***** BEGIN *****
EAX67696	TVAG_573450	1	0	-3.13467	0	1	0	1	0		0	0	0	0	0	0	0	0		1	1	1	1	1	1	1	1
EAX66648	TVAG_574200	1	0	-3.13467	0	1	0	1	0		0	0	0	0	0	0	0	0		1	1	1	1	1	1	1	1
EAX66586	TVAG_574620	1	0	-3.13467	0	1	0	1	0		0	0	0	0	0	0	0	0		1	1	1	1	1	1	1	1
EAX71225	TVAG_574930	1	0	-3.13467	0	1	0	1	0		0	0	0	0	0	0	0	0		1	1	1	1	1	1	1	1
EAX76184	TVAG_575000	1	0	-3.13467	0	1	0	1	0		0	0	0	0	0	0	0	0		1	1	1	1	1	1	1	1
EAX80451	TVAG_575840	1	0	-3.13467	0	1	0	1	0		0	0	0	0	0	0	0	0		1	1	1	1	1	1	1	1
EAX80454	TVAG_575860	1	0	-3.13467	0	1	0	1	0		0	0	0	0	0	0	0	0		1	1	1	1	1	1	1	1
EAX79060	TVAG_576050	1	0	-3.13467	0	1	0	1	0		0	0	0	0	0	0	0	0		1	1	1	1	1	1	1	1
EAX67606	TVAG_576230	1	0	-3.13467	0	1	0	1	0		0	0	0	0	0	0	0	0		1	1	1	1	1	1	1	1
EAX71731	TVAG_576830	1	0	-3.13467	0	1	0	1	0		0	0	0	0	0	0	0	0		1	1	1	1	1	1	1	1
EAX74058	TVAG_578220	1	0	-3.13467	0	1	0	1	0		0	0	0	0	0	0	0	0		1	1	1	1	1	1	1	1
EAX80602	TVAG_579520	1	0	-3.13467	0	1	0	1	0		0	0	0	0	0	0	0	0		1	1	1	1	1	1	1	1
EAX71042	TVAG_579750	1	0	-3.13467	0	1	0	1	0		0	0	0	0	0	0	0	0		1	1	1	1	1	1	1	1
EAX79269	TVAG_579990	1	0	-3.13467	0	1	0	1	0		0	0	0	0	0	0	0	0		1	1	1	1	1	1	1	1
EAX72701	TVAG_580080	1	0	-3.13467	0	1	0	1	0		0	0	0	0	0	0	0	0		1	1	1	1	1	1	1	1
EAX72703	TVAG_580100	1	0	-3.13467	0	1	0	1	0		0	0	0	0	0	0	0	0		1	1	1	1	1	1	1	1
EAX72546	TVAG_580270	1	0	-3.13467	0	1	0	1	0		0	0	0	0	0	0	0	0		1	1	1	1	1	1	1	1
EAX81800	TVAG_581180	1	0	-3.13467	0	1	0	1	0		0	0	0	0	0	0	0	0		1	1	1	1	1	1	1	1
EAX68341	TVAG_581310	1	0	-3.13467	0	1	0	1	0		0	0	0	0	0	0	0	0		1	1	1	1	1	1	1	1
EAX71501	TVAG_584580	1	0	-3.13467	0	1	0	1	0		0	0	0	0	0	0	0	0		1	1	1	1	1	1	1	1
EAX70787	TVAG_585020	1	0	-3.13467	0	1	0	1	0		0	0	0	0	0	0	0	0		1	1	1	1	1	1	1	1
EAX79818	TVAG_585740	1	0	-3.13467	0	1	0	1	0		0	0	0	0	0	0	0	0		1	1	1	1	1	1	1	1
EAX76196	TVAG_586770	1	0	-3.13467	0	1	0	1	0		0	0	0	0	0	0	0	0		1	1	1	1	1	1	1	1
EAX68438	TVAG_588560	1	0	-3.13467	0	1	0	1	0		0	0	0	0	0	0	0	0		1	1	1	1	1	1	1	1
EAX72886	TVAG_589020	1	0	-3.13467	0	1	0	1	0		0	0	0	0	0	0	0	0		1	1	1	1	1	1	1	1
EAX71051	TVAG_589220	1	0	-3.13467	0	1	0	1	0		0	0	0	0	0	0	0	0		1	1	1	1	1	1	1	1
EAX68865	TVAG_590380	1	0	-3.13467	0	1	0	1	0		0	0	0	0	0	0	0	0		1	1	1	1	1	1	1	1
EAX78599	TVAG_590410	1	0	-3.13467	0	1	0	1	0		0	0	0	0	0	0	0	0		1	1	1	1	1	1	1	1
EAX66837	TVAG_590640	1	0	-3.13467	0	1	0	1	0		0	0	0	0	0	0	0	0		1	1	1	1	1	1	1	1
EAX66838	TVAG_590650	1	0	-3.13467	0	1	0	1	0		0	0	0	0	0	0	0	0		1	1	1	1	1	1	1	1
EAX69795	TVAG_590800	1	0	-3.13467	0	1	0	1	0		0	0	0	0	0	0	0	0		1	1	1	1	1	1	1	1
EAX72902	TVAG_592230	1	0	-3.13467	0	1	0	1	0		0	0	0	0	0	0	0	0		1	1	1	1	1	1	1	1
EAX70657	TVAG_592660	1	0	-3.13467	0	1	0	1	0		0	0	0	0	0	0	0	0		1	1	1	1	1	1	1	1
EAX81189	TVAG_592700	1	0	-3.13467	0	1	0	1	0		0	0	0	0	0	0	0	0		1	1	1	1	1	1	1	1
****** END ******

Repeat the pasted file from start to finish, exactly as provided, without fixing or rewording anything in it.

EAX67696	TVAG_573450	1	0	-3.13467	0	1	0	1	0		0	0	0	0	0	0	0	0		1	1	1	1	1	1	1	1
EAX66648	TVAG_574200	1	0	-3.13467	0	1	0	1	0		0	0	0	0	0	0	0	0		1	1	1	1	1	1	1	1
EAX66586	TVAG_574620	1	0	-3.13467	0	1	0	1	0		0	0	0	0	0	0	0	0		1	1	1	1	1	1	1	1
EAX71225	TVAG_574930	1	0	-3.13467	0	1	0	1	0		0	0	0	0	0	0	0	0		1	1	1	1	1	1	1	1
EAX76184	TVAG_575000	1	0	-3.13467	0	1	0	1	0		0	0	0	0	0	0	0	0		1	1	1	1	1	1	1	1
EAX80451	TVAG_575840	1	0	-3.13467	0	1	0	1	0		0	0	0	0	0	0	0	0		1	1	1	1	1	1	1	1
EAX80454	TVAG_575860	1	0	-3.13467	0	1	0	1	0		0	0	0	0	0	0	0	0		1	1	1	1	1	1	1	1
EAX79060	TVAG_576050	1	0	-3.13467	0	1	0	1	0		0	0	0	0	0	0	0	0		1	1	1	1	1	1	1	1
EAX67606	TVAG_576230	1	0	-3.13467	0	1	0	1	0		0	0	0	0	0	0	0	0		1	1	1	1	1	1	1	1
EAX71731	TVAG_576830	1	0	-3.13467	0	1	0	1	0		0	0	0	0	0	0	0	0		1	1	1	1	1	1	1	1
EAX74058	TVAG_578220	1	0	-3.13467	0	1	0	1	0		0	0	0	0	0	0	0	0		1	1	1	1	1	1	1	1
EAX80602	TVAG_579520	1	0	-3.13467	0	1	0	1	0		0	0	0	0	0	0	0	0		1	1	1	1	1	1	1	1
EAX71042	TVAG_579750	1	0	-3.13467	0	1	0	1	0		0	0	0	0	0	0	0	0		1	1	1	1	1	1	1	1
EAX79269	TVAG_579990	1	0	-3.13467	0	1	0	1	0		0	0	0	0	0	0	0	0		1	1	1	1	1	1	1	1
EAX72701	TVAG_580080	1	0	-3.13467	0	1	0	1	0		0	0	0	0	0	0	0	0		1	1	1	1	1	1	1	1
EAX72703	TVAG_580100	1	0	-3.13467	0	1	0	1	0		0	0	0	0	0	0	0	0		1	1	1	1	1	1	1	1
EAX72546	TVAG_580270	1	0	-3.13467	0	1	0	1	0		0	0	0	0	0	0	0	0		1	1	1	1	1	1	1	1
EAX81800	TVAG_581180	1	0	-3.13467	0	1	0	1	0		0	0	0	0	0	0	0	0		1	1	1	1	1	1	1	1
EAX68341	TVAG_581310	1	0	-3.13467	0	1	0	1	0		0	0	0	0	0	0	0	0		1	1	1	1	1	1	1	1
EAX71501	TVAG_584580	1	0	-3.13467	0	1	0	1	0		0	0	0	0	0	0	0	0		1	1	1	1	1	1	1	1
EAX70787	TVAG_585020	1	0	-3.13467	0	1	0	1	0		0	0	0	0	0	0	0	0		1	1	1	1	1	1	1	1
EAX79818	TVAG_585740	1	0	-3.13467	0	1	0	1	0		0	0	0	0	0	0	0	0		1	1	1	1	1	1	1	1
EAX76196	TVAG_586770	1	0	-3.13467	0	1	0	1	0		0	0	0	0	0	0	0	0		1	1	1	1	1	1	1	1
EAX68438	TVAG_588560	1	0	-3.13467	0	1	0	1	0		0	0	0	0	0	0	0	0		1	1	1	1	1	1	1	1
EAX72886	TVAG_589020	1	0	-3.13467	0	1	0	1	0		0	0	0	0	0	0	0	0		1	1	1	1	1	1	1	1
EAX71051	TVAG_589220	1	0	-3.13467	0	1	0	1	0		0	0	0	0	0	0	0	0		1	1	1	1	1	1	1	1
EAX68865	TVAG_590380	1	0	-3.13467	0	1	0	1	0		0	0	0	0	0	0	0	0		1	1	1	1	1	1	1	1
EAX78599	TVAG_590410	1	0	-3.13467	0	1	0	1	0		0	0	0	0	0	0	0	0		1	1	1	1	1	1	1	1
EAX66837	TVAG_590640	1	0	-3.13467	0	1	0	1	0		0	0	0	0	0	0	0	0		1	1	1	1	1	1	1	1
EAX66838	TVAG_590650	1	0	-3.13467	0	1	0	1	0		0	0	0	0	0	0	0	0		1	1	1	1	1	1	1	1
EAX69795	TVAG_590800	1	0	-3.13467	0	1	0	1	0		0	0	0	0	0	0	0	0		1	1	1	1	1	1	1	1
EAX72902	TVAG_592230	1	0	-3.13467	0	1	0	1	0		0	0	0	0	0	0	0	0		1	1	1	1	1	1	1	1
EAX70657	TVAG_592660	1	0	-3.13467	0	1	0	1	0		0	0	0	0	0	0	0	0		1	1	1	1	1	1	1	1
EAX81189	TVAG_592700	1	0	-3.13467	0	1	0	1	0		0	0	0	0	0	0	0	0		1	1	1	1	1	1	1	1